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mlkrgr's Profile

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Best bang-for-the-buck extra virgin olive oil in the Watertown/Cambridge area

Even better, I've found a 16.9 ounce half liter bottle at trader joes for $3.99. That has beaten anything at the other grocery stores and has matched the sales for sizes in that vicinity. I only use this size since it lasts me a few months.

Jul 10, 2009
mlkrgr in Greater Boston Area

Dinner with a Tightwad

Also, I don't believe in letting the manager know when I have bad service. There's so many other restaurants around that have it right that I just don't need to take the time. Also, they should be investing money in the proper training/ reward programs for servers. Just pay the bill and tip what you want and go. I have my list of restaurants that I have been to once and will never be back.

Jun 29, 2009
mlkrgr in Features

Dinner with a Tightwad

Well, gotta say. Sometimes I have a fun time with my restaurant experience and some time I do appreciate the breakdown of what dollar amount corresponds to a particular percentage.

Now, I do say that I believe in fairness. So, I'd give a tip to a pizza parlor with counter service, even though its not customary because many of these independent pizza parlors pay their people like $5 an hour, which is tad bit better than a waiter's salary. My brother has been there, but I haven't. And then I know some waited buffet places that pay their waiters like $12 plus tips. So its like, that's more than a grocery store clerk would get, that's more than most pizza parlors give, etc, etc. So, I do have to say its not as appropriate to give, say 15% to a buffet drink waiter on the entire check that only serves drinks and also give 15% to a regular waiter than actually brings over your food. So I have to compensate for that. Also, I have to put take out service in the realm of pizza parlors I have to compensate that 15% on a take out person and 15% on a waiter is not fair.

Sure, I always wish I can tip higher, but I do my part. I think unfortunately though the world is getting to be more reliant on technology so jobs that are easily replaceable, including being a waiter, will just go down in the real amount of pay. I have to say all these advances like self checkout, scan and bag as you shop our store and just pay at checkout, and envelopeless ATMs are all contributing to a decrease in the amount of staff needed. Only benefit of this trend is the rich to fatten their profit margins.

Jun 29, 2009
mlkrgr in Features

Bad Dinner, No Tip

Here is what I think: In the short run, waiters eat the fluctuation on tips. But in the long run, servers have to make their own decisions whether it is worth working for the restaurant or not. I have a friend that is a bartender and makes $12 an hour and an average of $6 in tips. So that is $18 an hour he makes on average. For that kind of job, he is not going to give it up anytime soon. He gets paid more than what other retail workers to begin with. So he will not seek out other jobs.

But on the other hand, I have another friend who makes $3 an hour as a waitress at a different restaurant. She gets $5 an hour in tips after all tip outs. Since min wage is $8 an hour for non tipped workers, should the recession worsen and she is now down to $4 in tips, she is better off to find a retail job, like at walmart for $8.90 a job, even at what she is making now.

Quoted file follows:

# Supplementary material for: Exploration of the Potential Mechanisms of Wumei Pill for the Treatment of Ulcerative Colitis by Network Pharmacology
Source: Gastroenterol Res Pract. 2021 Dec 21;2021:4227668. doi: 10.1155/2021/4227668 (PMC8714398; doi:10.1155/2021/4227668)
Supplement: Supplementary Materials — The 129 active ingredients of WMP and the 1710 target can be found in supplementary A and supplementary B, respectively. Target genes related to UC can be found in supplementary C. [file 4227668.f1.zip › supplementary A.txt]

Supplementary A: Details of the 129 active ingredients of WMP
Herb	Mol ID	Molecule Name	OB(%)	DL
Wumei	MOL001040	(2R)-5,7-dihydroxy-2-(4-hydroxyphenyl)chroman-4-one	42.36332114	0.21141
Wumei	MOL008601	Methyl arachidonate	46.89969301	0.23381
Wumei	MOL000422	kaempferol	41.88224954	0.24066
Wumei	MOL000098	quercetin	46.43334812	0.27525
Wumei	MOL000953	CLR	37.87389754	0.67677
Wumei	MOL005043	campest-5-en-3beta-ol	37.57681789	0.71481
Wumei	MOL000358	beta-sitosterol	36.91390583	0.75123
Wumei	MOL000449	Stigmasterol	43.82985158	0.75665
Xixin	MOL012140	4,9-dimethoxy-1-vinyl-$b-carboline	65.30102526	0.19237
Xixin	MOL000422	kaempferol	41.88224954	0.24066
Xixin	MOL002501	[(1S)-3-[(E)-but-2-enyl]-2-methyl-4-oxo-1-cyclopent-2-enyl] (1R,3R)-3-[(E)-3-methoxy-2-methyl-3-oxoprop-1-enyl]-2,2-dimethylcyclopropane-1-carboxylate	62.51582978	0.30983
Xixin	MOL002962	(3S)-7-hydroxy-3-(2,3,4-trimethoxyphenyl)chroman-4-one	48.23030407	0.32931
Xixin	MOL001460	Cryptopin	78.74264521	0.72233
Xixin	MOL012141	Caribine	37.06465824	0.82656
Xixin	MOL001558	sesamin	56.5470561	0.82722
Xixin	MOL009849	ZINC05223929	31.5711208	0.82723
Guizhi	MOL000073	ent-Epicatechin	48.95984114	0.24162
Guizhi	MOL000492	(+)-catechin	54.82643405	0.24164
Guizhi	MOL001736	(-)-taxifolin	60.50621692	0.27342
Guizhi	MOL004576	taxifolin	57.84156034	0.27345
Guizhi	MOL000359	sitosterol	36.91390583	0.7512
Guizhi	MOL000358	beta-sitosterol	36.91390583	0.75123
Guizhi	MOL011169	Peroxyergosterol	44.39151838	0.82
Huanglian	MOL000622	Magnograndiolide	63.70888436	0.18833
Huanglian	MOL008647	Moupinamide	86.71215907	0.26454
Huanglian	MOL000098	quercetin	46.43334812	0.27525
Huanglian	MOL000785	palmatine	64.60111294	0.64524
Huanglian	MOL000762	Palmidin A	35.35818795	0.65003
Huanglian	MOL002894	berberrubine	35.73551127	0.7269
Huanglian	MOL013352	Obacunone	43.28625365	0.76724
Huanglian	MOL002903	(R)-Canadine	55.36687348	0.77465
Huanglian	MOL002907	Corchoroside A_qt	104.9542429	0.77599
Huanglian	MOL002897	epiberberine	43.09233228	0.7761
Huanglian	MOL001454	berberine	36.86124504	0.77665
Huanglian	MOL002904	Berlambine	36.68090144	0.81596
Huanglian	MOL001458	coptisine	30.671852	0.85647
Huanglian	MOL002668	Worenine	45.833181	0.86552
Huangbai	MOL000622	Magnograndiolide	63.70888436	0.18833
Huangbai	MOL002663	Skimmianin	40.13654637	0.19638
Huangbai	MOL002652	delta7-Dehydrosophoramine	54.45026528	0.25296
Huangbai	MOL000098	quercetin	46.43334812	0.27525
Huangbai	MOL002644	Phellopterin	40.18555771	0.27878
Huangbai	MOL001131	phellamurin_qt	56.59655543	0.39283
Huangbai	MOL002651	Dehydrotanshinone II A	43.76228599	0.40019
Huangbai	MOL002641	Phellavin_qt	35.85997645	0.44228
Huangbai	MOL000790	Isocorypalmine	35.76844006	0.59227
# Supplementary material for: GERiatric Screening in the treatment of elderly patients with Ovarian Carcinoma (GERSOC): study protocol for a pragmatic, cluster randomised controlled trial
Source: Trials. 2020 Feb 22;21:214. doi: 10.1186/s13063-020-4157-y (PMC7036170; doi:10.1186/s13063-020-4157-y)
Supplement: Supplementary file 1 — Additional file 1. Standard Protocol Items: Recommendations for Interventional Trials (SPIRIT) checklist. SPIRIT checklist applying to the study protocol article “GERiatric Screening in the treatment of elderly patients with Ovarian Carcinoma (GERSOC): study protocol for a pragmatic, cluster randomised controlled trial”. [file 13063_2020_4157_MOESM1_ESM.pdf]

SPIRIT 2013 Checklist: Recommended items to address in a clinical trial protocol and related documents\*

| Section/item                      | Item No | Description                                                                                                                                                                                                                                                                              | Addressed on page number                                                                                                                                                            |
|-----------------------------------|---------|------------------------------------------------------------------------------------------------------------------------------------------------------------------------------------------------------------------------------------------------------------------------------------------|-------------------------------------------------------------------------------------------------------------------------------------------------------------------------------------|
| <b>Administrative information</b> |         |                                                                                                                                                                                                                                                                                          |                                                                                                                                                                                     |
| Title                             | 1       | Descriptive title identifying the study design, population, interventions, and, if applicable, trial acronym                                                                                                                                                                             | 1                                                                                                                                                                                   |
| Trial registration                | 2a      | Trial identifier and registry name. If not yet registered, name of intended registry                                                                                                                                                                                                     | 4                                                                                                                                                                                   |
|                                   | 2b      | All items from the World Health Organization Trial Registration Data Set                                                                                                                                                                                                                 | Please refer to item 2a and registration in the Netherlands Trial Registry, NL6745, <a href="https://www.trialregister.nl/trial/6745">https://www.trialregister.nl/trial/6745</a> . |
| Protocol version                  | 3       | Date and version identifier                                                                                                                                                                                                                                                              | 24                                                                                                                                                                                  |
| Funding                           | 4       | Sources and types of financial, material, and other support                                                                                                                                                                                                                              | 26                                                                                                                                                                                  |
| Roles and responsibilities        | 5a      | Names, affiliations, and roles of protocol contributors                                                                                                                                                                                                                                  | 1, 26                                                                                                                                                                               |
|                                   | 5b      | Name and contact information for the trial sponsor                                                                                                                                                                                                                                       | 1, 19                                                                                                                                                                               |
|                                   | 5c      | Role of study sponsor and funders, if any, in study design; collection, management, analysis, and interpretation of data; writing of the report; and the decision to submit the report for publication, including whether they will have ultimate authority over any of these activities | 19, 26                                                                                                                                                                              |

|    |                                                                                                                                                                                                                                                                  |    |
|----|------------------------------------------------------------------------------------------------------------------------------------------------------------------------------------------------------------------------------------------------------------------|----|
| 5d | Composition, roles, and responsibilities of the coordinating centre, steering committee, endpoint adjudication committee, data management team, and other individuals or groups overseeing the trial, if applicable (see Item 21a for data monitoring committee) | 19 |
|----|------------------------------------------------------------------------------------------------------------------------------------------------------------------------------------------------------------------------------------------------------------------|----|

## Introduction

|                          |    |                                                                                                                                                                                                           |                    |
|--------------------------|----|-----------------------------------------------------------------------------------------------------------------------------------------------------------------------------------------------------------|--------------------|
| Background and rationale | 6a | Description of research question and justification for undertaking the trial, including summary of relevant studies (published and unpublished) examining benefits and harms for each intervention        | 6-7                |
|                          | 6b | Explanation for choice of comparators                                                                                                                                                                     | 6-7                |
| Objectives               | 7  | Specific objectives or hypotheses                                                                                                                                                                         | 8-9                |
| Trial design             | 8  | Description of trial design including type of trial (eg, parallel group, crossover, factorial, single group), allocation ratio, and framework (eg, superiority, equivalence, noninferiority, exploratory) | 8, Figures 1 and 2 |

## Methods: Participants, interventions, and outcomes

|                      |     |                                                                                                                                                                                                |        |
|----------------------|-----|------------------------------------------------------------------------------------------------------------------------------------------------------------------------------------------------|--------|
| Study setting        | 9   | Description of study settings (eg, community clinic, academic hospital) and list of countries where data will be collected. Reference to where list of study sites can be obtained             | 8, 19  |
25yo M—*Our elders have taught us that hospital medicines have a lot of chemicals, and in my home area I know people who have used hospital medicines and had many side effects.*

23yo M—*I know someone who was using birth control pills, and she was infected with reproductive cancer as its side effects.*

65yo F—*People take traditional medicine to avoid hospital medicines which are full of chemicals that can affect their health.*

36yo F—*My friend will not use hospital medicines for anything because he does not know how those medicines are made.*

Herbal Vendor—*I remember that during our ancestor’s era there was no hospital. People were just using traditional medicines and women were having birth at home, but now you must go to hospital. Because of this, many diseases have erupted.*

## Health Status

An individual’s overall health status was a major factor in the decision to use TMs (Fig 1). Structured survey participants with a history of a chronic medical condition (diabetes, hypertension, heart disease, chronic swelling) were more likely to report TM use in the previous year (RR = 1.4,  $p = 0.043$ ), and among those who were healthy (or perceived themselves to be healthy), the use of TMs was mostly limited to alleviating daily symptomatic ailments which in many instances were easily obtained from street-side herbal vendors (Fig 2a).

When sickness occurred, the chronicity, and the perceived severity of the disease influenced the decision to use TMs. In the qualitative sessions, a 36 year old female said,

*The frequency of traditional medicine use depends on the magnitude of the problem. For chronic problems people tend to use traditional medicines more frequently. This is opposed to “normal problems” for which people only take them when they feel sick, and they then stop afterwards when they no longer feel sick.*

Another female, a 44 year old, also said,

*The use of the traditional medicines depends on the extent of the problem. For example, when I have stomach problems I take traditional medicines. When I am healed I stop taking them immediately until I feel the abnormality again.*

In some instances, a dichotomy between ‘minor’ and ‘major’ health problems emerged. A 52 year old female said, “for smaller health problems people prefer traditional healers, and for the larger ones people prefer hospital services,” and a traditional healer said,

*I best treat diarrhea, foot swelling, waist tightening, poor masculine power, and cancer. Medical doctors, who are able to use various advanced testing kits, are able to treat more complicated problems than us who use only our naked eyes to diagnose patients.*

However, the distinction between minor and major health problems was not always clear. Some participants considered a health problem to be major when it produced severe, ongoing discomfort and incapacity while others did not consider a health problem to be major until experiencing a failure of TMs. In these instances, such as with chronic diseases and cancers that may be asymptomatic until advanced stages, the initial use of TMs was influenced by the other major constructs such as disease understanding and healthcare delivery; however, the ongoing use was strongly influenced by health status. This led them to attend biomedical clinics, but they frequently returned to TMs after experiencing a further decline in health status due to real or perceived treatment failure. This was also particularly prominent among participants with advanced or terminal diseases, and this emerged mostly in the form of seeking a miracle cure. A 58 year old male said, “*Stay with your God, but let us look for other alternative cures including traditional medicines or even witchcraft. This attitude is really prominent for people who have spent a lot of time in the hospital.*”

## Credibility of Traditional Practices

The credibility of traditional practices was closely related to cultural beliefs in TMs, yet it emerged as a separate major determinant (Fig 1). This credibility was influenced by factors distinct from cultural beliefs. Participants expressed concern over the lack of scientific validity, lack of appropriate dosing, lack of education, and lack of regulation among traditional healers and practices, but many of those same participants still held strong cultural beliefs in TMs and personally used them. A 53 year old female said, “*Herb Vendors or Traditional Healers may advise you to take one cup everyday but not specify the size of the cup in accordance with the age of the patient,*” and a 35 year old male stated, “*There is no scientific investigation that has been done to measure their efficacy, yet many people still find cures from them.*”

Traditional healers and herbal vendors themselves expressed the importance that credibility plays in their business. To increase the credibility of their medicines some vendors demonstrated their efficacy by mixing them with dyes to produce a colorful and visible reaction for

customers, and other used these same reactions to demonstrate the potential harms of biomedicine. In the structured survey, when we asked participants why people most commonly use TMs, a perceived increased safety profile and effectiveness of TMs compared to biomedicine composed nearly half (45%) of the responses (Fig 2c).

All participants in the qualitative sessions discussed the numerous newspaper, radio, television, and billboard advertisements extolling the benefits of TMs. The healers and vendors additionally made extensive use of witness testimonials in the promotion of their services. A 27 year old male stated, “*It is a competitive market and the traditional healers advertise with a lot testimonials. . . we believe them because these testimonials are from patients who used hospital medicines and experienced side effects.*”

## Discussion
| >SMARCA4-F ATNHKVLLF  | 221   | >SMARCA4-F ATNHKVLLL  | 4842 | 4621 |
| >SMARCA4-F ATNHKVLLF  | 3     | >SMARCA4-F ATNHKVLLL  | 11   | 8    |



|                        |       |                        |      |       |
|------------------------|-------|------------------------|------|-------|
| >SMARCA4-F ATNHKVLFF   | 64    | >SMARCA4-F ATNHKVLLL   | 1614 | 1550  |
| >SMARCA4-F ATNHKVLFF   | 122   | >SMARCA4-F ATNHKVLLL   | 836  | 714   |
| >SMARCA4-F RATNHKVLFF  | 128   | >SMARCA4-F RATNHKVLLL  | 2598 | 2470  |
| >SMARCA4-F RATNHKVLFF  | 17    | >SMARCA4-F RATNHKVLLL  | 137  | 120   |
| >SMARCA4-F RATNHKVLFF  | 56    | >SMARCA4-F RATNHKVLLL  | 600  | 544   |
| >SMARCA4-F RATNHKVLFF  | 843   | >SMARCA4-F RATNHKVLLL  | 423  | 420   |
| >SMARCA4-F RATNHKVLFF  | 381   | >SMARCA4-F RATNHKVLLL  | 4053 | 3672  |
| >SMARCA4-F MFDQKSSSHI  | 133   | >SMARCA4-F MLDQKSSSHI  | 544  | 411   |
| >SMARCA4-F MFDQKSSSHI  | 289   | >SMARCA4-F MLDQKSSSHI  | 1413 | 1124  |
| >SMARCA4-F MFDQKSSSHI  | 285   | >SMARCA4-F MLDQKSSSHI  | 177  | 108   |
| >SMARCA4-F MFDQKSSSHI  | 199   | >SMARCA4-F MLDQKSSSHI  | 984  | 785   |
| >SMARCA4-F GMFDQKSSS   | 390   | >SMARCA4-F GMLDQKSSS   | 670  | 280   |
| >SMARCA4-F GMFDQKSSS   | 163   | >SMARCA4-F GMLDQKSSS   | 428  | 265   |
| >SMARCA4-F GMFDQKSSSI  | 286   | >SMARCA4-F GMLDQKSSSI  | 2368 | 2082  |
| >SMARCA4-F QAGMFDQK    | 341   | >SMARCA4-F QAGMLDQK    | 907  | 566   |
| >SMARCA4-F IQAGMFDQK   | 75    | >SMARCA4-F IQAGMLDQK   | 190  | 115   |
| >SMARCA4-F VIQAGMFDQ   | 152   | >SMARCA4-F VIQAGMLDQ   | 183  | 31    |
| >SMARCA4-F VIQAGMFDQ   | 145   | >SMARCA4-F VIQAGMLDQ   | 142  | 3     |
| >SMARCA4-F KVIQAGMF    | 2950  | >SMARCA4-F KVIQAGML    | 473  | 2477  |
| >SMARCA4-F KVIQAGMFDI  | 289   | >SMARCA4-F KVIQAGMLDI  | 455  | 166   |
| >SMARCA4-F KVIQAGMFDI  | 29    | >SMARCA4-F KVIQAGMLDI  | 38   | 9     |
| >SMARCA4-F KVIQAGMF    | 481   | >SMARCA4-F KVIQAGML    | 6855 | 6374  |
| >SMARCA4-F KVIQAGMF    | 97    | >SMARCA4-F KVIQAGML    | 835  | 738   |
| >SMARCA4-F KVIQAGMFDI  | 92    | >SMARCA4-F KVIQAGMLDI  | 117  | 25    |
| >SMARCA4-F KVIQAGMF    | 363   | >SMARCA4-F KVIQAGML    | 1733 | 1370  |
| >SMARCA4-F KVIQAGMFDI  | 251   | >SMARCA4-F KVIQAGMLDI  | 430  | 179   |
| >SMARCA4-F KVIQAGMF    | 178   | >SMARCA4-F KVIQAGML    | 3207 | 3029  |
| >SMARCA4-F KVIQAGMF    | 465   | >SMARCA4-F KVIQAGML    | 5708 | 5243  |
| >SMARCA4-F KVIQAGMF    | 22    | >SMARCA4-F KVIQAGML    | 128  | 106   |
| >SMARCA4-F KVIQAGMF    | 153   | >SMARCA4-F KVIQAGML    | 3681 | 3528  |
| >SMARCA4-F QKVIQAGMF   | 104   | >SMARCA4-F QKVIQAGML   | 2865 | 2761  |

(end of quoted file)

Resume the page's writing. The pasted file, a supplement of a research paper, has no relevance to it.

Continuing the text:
You see here, in the long run, restaurants benefit from the abundance of tips generated from customers or is hurt by the lack of tips that customers may give. This is because if tips lack, and there is a better paying job out there even at the grocery store than what you would otherwise make as a waiter/waitress, you are going to work at the grocery store; and then, the restaurant has to go through the expense of hiring/training another waiter, and if this happens enough, then the restaurant needs to increase their wage since the wage + tips customers give don't make it worthwhile for the server to stay.

And another thought is, I here these restaurants that pay wages of $11/$12 an hour and then you get tips on top of that, its like why should I tip the worker that gets paid that much and not tip the grocery bagger who makes only $8 an hour. Or many counter pizza places do $6/hour (including one that my brother used to work at for a few weeks; who moved onto a better paying gig) or so under the table vs the min wage is $8 an hour. So I think that they deserve a tip ahead of some waiters/waitresses.

And what about buffet places? There's waiters there that deliver just drinks. I think its a bit much to tip the same here vs other conventional sit down places since they are not working as hard and I know one of the buffet places I go to occasionally pays their people well for what they do.

So I'm not trying to be cheap here. I'm just trying to be fair, and its hard to be fair with the workers you deal with. I may take a little from what I should be giving at the buffet place if I wasn't trying to be fair and then give it to the counter pizza place even though I have it there and not have it delivered

So the moral of the story here is workers must know if they are being cheated and do what they need to do for themselves. Its just like I remember that sign that was looking for help when I was on vacation since its a restaurant attached to a gift store. Servers make $3 an hour plus they say that servers make an average of $3 in tips per hour. Then, the gift store employees make $8 an hour straight. Its like if I was looking for a job, I would definitely go for the gift store and not be a server. In fact, I probably can do better than $6 an hour if I didn't work at this place I am thinking about and seek employment elsewhere if I didn't get the gift store job.

May 27, 2009
mlkrgr in Features